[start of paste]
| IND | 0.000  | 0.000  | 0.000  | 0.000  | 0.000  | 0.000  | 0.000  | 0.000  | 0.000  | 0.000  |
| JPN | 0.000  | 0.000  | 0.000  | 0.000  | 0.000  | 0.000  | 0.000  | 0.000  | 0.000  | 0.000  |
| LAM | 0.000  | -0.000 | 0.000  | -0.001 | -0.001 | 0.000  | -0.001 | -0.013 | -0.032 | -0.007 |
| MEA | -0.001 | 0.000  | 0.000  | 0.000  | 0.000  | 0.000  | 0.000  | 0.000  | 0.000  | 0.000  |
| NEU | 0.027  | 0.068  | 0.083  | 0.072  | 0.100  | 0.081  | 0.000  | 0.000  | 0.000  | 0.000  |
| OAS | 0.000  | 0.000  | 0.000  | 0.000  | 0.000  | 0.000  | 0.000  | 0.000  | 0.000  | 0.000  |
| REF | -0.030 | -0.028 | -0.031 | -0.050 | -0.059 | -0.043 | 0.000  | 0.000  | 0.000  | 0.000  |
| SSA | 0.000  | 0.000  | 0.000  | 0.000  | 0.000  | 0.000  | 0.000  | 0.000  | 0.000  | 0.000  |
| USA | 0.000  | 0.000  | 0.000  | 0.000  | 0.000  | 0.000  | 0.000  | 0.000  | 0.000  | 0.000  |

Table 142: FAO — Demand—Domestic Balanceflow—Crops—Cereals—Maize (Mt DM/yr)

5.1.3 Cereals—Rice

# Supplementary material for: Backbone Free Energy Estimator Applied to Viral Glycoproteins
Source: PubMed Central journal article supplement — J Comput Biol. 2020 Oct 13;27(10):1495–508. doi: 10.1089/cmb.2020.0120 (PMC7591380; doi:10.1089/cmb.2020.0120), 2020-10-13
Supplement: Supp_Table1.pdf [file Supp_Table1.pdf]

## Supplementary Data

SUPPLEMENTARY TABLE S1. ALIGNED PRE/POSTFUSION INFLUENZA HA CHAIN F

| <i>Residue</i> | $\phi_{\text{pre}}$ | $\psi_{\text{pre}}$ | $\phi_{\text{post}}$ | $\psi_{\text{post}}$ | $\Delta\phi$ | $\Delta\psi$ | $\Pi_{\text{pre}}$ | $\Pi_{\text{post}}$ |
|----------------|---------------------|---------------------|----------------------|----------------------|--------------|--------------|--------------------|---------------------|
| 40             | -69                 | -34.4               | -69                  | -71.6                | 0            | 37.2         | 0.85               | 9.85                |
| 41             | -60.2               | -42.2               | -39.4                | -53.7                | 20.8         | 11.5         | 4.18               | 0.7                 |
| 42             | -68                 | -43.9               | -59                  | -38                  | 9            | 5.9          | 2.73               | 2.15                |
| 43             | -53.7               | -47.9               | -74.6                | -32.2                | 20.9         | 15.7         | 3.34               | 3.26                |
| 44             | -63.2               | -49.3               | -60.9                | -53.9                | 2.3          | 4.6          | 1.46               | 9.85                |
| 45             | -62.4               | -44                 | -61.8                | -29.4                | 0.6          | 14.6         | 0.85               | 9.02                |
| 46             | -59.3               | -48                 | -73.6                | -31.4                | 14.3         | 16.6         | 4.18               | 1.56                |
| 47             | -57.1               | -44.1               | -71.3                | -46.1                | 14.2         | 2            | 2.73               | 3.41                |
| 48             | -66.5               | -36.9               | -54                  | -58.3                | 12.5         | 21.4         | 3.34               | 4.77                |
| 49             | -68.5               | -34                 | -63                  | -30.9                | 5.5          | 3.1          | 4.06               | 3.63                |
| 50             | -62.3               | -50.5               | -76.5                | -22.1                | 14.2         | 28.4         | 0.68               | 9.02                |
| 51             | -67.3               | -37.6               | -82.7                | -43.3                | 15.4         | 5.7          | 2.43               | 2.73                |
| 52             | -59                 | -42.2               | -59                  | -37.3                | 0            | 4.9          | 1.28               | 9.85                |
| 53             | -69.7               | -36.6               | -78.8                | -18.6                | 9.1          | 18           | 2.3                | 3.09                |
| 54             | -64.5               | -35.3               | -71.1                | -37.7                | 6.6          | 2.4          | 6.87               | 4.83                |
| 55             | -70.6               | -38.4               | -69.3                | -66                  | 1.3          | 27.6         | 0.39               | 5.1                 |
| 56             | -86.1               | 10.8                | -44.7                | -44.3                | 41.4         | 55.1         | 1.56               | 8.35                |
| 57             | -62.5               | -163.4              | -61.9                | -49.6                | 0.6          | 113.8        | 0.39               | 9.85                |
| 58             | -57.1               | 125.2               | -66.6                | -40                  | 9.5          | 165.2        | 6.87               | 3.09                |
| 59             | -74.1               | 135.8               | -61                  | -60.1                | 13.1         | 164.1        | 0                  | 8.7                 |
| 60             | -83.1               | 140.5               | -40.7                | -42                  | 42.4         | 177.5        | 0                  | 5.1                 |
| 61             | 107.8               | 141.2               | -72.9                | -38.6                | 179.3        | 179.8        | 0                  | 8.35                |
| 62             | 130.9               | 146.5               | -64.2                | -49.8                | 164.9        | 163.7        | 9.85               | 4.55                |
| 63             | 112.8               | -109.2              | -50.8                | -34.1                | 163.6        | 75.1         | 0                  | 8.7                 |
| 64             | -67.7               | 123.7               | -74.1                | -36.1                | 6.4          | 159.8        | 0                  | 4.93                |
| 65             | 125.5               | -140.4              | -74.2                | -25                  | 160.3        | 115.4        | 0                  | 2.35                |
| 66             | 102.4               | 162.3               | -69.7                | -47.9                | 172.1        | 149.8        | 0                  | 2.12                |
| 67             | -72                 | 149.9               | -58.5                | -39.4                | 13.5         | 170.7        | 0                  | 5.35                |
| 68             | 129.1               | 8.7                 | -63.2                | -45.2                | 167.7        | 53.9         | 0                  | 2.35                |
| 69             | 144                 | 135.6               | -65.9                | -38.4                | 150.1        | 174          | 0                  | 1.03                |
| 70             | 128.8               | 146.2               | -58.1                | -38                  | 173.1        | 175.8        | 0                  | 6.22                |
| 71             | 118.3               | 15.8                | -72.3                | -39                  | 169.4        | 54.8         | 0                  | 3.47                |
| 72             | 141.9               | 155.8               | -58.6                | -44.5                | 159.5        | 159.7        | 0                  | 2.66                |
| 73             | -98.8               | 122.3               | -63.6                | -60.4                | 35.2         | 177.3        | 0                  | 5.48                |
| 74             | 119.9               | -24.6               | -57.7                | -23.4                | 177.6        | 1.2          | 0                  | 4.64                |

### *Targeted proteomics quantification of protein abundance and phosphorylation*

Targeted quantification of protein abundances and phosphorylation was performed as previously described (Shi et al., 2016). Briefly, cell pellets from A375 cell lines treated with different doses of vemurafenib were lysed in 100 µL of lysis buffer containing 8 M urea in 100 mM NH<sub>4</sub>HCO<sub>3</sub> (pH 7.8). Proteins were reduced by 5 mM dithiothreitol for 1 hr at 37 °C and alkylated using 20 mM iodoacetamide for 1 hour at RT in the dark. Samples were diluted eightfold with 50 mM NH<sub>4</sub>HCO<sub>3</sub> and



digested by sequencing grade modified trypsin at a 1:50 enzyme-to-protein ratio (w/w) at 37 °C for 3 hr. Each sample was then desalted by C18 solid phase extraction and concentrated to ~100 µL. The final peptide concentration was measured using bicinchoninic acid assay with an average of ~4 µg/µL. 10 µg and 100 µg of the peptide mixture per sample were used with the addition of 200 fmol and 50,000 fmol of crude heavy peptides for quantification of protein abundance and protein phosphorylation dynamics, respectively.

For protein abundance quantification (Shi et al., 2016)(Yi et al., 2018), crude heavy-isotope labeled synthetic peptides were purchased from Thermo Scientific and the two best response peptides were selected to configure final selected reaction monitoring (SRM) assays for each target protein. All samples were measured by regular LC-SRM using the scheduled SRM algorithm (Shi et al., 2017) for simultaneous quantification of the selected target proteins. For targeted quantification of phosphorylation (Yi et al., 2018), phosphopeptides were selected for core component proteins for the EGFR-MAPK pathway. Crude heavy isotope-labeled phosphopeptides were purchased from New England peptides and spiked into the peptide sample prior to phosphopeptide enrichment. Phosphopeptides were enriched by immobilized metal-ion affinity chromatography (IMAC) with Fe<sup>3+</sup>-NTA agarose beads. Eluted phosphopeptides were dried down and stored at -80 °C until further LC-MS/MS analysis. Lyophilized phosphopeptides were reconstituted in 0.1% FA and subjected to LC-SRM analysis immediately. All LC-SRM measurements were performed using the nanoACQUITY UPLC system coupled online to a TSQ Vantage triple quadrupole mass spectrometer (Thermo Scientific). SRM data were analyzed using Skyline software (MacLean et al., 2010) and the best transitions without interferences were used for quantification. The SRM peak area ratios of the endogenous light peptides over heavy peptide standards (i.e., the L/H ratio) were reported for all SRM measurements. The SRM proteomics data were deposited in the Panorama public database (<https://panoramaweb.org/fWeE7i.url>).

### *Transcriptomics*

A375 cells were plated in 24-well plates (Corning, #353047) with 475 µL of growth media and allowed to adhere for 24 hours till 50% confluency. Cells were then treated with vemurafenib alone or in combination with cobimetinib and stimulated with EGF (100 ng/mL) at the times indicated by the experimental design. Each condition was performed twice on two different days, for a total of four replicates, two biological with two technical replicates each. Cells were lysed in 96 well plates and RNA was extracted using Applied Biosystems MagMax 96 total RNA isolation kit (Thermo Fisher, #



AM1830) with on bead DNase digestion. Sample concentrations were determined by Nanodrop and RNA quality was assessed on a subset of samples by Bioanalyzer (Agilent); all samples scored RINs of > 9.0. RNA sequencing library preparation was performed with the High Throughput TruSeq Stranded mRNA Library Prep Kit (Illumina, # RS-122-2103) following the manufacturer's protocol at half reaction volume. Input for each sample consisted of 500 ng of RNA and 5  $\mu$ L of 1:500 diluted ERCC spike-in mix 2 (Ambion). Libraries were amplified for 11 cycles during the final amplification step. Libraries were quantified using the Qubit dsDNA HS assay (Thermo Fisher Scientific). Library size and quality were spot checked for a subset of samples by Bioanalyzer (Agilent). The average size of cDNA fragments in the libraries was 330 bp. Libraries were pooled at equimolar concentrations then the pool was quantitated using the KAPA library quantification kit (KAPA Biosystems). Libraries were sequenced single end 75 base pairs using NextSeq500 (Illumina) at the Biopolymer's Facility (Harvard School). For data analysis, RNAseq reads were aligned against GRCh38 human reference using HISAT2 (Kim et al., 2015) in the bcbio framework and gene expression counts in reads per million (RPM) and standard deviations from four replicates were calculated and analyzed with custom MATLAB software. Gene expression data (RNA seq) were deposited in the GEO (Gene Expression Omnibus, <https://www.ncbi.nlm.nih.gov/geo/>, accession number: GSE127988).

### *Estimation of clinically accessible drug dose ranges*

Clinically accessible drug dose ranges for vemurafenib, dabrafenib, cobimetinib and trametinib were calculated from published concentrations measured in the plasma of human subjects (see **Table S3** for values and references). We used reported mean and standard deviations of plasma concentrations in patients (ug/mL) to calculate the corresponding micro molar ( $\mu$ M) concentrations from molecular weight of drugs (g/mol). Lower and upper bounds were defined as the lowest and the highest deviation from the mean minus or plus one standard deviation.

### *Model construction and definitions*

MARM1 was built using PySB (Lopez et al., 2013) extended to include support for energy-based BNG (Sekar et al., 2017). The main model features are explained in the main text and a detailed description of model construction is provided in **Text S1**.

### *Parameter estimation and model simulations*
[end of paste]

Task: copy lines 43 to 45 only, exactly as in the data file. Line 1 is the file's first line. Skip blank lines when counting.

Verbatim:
| 64             | -67.7               | 123.7               | -74.1                | -36.1                | 6.4          | 159.8        | 0                  | 4.93                |
| 65             | 125.5               | -140.4              | -74.2                | -25                  | 160.3        | 115.4        | 0                  | 2.35                |
| 66             | 102.4               | 162.3               | -69.7                | -47.9                | 172.1        | 149.8        | 0                  | 2.12                |